A Butler Auto Auction T-shirt worn bare and covered with paint splatters is among 3,000 unique T-shirts used in Edith Abeyta's public art piece for the Three Rivers Arts Festival.
"Someone worked in that shirt," Ms. Abeyta, of North Braddock, said.
The artist put in 50 hours of work at Point State Park assembling her piece, "People's Clothing Archive and Library Initiative No. 1: o:ne:ka'," the week before the festival began last Friday. She and several workers stapled the overlapping T-shirts on wooden frameworks. Each framework shaped a letter that spelled the Seneca word for water, o:ne:ka'. The sculpture was placed in the reflecting pool at the center of the park so passers-by on the bridge could read the word from above.
She said she typically does her fabrication work on site.
"Typically, the works are very large so that the practical and logistical aspects are easier to negotiate on location," she said.
Besides logistics, she works on site in order to interact with people.
"Each new work can be likened to a handshake. It is an introduction to initiate a conversation, which could then lead to a long, lasting exchange. Participants and viewers enhance the meaning of the work, bringing insights and knowledge that enrich my experience and future work."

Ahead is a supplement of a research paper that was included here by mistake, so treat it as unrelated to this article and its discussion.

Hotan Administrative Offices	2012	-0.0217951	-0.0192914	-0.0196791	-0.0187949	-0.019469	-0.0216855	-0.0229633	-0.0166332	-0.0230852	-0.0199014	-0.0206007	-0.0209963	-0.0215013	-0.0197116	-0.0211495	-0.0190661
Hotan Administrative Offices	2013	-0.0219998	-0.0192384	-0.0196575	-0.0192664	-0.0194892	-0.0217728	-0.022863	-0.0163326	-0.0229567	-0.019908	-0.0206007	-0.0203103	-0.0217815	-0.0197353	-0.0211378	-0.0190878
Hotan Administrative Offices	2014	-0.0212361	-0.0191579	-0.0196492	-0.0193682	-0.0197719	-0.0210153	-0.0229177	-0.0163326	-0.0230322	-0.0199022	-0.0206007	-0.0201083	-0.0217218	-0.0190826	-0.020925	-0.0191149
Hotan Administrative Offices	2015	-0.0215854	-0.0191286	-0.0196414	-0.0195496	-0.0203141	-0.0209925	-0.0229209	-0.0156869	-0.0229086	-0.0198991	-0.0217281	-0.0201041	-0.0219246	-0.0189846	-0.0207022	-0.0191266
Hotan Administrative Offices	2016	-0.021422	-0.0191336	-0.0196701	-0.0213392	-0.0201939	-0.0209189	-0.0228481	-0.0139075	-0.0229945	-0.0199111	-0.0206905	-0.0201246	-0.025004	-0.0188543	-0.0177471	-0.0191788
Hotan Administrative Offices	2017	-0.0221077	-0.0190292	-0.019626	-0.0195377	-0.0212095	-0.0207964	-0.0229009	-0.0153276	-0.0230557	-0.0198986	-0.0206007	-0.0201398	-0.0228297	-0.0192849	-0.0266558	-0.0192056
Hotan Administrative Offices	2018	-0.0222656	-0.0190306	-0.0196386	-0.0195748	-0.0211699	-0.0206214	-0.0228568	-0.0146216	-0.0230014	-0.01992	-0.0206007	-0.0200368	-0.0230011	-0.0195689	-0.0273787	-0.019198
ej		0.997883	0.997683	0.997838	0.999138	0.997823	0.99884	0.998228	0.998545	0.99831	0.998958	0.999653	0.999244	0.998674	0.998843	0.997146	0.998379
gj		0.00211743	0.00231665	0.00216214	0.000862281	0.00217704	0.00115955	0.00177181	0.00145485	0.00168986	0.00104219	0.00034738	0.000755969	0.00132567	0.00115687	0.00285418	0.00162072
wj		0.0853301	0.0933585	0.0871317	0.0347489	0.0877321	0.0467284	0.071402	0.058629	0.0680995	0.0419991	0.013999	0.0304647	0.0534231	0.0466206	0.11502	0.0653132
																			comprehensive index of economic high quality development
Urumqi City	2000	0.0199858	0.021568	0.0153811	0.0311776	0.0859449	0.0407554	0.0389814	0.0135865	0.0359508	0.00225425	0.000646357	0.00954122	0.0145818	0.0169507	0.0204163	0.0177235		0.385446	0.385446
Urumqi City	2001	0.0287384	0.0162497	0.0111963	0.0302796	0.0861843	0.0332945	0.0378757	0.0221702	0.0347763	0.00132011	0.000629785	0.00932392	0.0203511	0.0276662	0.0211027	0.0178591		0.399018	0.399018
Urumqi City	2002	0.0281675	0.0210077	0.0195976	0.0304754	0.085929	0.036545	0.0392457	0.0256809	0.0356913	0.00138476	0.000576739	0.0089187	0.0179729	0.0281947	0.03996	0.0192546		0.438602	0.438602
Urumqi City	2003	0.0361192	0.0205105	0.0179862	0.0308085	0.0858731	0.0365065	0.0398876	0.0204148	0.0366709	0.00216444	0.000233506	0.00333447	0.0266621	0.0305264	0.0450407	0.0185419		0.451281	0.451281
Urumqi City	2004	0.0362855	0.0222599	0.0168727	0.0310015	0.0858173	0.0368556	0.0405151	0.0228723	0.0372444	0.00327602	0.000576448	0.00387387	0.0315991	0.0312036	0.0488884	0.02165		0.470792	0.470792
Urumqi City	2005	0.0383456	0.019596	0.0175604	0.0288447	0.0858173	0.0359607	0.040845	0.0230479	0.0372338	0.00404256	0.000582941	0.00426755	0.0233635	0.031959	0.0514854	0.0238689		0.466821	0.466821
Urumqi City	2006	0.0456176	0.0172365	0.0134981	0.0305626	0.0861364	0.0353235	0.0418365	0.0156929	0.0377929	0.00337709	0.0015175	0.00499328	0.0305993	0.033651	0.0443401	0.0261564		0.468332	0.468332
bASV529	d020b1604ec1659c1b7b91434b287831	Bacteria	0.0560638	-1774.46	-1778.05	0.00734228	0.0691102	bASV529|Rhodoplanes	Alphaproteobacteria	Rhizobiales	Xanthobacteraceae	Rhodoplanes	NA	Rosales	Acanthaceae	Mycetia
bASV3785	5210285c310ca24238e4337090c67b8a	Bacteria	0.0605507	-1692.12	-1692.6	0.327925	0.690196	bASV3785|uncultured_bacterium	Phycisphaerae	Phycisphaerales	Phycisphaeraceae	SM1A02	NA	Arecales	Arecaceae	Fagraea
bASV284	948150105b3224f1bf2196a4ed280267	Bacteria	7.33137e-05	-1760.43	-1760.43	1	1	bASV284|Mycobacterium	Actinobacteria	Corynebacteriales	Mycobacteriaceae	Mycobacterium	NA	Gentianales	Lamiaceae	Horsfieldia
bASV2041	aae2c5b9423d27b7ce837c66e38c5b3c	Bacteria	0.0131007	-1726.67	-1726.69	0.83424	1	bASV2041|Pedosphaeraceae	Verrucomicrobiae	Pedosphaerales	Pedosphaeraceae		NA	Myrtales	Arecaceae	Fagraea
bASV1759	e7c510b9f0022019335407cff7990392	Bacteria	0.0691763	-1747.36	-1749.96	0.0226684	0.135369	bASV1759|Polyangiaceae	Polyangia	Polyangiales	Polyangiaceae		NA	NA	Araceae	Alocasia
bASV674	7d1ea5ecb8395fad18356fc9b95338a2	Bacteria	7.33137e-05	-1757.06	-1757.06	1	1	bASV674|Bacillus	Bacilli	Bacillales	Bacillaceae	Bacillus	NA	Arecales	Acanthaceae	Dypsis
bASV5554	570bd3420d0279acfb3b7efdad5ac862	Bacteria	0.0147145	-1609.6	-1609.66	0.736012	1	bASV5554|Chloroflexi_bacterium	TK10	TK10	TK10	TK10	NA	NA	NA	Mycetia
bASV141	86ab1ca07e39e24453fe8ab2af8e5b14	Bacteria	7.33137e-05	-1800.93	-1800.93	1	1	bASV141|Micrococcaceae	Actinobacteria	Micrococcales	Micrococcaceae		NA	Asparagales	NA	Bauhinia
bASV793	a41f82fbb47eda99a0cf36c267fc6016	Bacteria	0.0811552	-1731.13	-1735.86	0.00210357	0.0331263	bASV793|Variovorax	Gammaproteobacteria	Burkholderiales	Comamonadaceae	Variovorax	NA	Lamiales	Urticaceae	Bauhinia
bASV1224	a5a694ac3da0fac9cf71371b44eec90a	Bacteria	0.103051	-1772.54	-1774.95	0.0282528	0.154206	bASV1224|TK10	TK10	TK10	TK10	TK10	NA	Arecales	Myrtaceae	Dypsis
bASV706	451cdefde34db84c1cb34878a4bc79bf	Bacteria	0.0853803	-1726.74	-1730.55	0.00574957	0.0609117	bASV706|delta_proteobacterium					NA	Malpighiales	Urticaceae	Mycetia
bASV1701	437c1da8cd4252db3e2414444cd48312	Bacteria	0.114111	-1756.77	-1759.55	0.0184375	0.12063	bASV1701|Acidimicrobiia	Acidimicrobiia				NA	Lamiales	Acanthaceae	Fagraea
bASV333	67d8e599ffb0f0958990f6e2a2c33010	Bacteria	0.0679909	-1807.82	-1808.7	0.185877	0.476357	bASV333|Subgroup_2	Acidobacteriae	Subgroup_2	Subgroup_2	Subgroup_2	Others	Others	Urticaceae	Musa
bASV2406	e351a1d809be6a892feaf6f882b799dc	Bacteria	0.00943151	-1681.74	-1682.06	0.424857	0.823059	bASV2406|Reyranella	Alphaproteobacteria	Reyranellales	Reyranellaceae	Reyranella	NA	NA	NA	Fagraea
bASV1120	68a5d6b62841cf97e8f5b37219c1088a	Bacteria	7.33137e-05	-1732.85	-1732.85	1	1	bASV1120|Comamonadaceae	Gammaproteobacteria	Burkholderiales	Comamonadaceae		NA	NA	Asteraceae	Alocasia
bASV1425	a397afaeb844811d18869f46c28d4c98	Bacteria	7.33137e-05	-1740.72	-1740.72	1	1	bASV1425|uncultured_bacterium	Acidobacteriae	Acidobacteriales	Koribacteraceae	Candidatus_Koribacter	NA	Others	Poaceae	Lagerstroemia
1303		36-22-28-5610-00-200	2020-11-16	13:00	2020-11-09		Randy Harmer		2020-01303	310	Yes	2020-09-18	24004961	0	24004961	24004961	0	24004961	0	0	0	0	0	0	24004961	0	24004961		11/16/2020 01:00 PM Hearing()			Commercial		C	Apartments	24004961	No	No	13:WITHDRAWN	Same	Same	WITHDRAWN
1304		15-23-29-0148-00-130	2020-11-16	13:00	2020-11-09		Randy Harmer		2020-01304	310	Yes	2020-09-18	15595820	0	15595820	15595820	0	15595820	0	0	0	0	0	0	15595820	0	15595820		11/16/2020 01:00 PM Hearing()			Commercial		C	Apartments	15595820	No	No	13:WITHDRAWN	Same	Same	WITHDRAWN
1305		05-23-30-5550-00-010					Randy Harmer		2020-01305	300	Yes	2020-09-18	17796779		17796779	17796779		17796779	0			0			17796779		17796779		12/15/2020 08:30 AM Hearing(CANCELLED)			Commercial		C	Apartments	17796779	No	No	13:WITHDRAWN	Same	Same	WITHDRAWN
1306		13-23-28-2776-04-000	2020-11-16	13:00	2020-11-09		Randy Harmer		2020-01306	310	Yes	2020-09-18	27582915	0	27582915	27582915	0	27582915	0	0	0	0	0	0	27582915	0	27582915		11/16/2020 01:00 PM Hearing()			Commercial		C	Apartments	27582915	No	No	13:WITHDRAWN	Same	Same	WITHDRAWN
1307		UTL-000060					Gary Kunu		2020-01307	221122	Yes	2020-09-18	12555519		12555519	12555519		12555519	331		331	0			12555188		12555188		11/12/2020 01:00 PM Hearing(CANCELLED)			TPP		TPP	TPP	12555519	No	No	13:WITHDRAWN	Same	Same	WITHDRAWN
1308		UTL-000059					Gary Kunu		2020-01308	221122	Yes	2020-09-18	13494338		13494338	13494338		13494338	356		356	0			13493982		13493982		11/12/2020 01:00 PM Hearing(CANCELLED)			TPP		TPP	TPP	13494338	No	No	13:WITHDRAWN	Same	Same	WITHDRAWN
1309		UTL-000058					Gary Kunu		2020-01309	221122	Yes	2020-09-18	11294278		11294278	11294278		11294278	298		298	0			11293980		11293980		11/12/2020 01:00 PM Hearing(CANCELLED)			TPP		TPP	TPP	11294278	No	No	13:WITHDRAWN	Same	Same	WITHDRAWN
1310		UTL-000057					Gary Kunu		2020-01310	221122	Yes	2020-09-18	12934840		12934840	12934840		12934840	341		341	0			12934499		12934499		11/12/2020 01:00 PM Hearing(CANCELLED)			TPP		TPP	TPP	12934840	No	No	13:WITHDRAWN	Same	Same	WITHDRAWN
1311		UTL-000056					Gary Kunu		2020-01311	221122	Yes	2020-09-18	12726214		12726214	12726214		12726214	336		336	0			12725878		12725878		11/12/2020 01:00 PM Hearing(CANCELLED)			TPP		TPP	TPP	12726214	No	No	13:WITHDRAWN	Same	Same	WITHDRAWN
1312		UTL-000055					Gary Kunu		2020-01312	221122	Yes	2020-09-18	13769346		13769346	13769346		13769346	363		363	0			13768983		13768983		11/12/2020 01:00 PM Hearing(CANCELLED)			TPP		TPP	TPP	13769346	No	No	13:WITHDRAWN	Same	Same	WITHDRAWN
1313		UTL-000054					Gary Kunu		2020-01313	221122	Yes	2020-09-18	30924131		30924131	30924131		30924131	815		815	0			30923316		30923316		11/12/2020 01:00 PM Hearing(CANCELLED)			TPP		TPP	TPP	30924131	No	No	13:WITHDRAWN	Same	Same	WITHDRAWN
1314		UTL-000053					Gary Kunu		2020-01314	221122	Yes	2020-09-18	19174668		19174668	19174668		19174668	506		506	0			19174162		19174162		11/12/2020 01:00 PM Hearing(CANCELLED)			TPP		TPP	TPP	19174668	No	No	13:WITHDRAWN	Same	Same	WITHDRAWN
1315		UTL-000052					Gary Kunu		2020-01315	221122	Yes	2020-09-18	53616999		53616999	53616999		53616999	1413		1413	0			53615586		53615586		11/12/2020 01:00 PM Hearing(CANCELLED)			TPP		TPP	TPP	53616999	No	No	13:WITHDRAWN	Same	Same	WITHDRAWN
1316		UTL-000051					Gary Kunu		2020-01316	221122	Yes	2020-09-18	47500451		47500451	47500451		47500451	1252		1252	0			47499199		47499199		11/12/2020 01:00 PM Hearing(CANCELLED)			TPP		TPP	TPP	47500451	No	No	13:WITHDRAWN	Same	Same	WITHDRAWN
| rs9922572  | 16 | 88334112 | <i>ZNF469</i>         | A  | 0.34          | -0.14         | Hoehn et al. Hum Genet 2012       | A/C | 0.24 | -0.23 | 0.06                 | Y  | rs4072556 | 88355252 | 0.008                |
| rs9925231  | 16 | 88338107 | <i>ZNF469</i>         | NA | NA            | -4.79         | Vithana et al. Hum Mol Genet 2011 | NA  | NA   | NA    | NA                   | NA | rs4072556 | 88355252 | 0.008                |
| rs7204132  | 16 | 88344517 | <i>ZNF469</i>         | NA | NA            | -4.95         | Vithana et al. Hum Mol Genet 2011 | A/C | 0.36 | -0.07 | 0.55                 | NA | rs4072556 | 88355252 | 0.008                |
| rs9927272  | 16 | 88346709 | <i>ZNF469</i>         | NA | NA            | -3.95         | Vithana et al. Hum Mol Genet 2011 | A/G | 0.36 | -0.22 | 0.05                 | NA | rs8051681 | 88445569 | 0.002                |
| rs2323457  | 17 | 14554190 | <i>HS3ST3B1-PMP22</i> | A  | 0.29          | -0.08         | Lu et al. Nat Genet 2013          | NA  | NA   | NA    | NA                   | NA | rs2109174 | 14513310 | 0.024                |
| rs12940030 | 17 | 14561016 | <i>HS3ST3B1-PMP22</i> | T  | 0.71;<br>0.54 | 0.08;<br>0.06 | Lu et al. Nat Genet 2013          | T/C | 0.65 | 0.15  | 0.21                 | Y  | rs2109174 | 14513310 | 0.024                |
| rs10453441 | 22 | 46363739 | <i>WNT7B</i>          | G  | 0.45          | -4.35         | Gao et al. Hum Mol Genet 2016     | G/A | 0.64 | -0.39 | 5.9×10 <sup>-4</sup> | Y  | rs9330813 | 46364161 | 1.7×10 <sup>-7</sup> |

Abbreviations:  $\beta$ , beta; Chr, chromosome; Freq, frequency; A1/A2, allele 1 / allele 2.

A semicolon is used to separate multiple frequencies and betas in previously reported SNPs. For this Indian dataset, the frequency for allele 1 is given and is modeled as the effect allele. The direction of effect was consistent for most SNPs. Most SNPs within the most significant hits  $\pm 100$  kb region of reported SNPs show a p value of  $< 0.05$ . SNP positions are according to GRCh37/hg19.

Ms. Abeyta said she put up fliers for two months seeking T-shirt donations. She chose T-shirts as her medium because they are such unique articles of clothing. Each one reflects a different person and part of the community. Joe's Crab Shack and the Pittsburgh Pirates are represented as well as "I love naps" shirts. One of the artist's favorites reads: "I skip school to go hunting," which not only reflects location but also a personality, she said.
But Ms. Abeyta also chose T-shirts because they are the most popular article of clothing. In reflection of the festival's theme of sustainability, at the end of the 10-day festival, rather than throwing the garments out, she will give them all away.
As of the fourth day of the festival some T-shirts were already being removed and laid out to dry. Ms. Abeyta said in the course of constructing the piece, people became more and more interested in her work.
"I gave away T-shirts, met a chef who offered to help with the take down in exchange for some of the lumber, learned about a local cache of Juki sewing machines available from an auctioneer, and met many people from out of town, one of whom was in Pittsburgh for a medical convention because she had a rare disease," she said.
Most of Ms. Abeyta's art involves themes of labor and reused materials, according to her Pittsburgh Artist's Registry biography.
"Interaction and participation are crucial to the success of each piece, from the gathering of materials, fabrication of the piece, activation of the work by participants to the re-distribution of the materials at the end of the installation cycle," the biography states.
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